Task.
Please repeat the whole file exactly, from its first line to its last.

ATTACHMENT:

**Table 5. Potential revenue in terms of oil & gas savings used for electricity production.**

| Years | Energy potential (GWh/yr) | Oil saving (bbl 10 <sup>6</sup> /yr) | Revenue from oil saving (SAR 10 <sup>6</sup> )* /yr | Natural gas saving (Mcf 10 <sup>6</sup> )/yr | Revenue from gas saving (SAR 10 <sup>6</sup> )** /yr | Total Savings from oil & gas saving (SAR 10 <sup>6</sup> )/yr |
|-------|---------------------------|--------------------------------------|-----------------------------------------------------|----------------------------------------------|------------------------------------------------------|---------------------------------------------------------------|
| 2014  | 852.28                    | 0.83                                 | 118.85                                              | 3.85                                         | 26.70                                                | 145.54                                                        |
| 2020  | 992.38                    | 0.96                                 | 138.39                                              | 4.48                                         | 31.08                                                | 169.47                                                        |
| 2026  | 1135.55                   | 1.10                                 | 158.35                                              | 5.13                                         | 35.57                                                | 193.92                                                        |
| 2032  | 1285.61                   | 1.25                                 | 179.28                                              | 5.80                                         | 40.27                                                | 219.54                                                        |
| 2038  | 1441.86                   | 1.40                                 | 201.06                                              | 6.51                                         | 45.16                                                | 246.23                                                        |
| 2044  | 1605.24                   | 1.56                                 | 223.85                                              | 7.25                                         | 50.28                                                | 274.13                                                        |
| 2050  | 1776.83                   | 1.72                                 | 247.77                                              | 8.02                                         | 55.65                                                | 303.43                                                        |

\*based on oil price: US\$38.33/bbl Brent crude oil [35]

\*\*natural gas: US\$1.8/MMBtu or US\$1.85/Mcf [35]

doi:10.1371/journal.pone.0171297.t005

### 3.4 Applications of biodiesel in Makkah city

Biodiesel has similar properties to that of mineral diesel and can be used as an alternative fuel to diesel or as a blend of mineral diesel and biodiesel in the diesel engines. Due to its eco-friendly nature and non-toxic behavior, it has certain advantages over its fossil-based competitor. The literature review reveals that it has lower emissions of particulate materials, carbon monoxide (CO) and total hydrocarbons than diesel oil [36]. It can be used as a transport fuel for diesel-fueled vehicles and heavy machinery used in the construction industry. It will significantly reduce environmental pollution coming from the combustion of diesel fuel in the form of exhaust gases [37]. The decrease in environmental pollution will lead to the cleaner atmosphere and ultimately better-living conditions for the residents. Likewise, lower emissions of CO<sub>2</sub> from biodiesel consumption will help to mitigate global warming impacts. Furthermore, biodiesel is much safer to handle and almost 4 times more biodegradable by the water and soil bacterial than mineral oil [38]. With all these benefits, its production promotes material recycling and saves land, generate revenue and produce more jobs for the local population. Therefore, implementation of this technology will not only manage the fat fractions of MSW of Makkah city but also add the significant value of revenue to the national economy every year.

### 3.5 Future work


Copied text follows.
**Table 5. Potential revenue in terms of oil & gas savings used for electricity production.**

| Years | Energy potential (GWh/yr) | Oil saving (bbl 10 <sup>6</sup> /yr) | Revenue from oil saving (SAR 10 <sup>6</sup> )* /yr | Natural gas saving (Mcf 10 <sup>6</sup> )/yr | Revenue from gas saving (SAR 10 <sup>6</sup> )** /yr | Total Savings from oil & gas saving (SAR 10 <sup>6</sup> )/yr |
|-------|---------------------------|--------------------------------------|-----------------------------------------------------|----------------------------------------------|------------------------------------------------------|---------------------------------------------------------------|
| 2014  | 852.28                    | 0.83                                 | 118.85                                              | 3.85                                         | 26.70                                                | 145.54                                                        |
| 2020  | 992.38                    | 0.96                                 | 138.39                                              | 4.48                                         | 31.08                                                | 169.47                                                        |
| 2026  | 1135.55                   | 1.10                                 | 158.35                                              | 5.13                                         | 35.57                                                | 193.92                                                        |
| 2032  | 1285.61                   | 1.25                                 | 179.28                                              | 5.80                                         | 40.27                                                | 219.54                                                        |
| 2038  | 1441.86                   | 1.40                                 | 201.06                                              | 6.51                                         | 45.16                                                | 246.23                                                        |
| 2044  | 1605.24                   | 1.56                                 | 223.85                                              | 7.25                                         | 50.28                                                | 274.13                                                        |
| 2050  | 1776.83                   | 1.72                                 | 247.77                                              | 8.02                                         | 55.65                                                | 303.43                                                        |

\*based on oil price: US\$38.33/bbl Brent crude oil [35]

\*\*natural gas: US\$1.8/MMBtu or US\$1.85/Mcf [35]

doi:10.1371/journal.pone.0171297.t005

### 3.4 Applications of biodiesel in Makkah city

Biodiesel has similar properties to that of mineral diesel and can be used as an alternative fuel to diesel or as a blend of mineral diesel and biodiesel in the diesel engines. Due to its eco-friendly nature and non-toxic behavior, it has certain advantages over its fossil-based competitor. The literature review reveals that it has lower emissions of particulate materials, carbon monoxide (CO) and total hydrocarbons than diesel oil [36]. It can be used as a transport fuel for diesel-fueled vehicles and heavy machinery used in the construction industry. It will significantly reduce environmental pollution coming from the combustion of diesel fuel in the form of exhaust gases [37]. The decrease in environmental pollution will lead to the cleaner atmosphere and ultimately better-living conditions for the residents. Likewise, lower emissions of CO<sub>2</sub> from biodiesel consumption will help to mitigate global warming impacts. Furthermore, biodiesel is much safer to handle and almost 4 times more biodegradable by the water and soil bacterial than mineral oil [38]. With all these benefits, its production promotes material recycling and saves land, generate revenue and produce more jobs for the local population. Therefore, implementation of this technology will not only manage the fat fractions of MSW of Makkah city but also add the significant value of revenue to the national economy every year.

### 3.5 Future work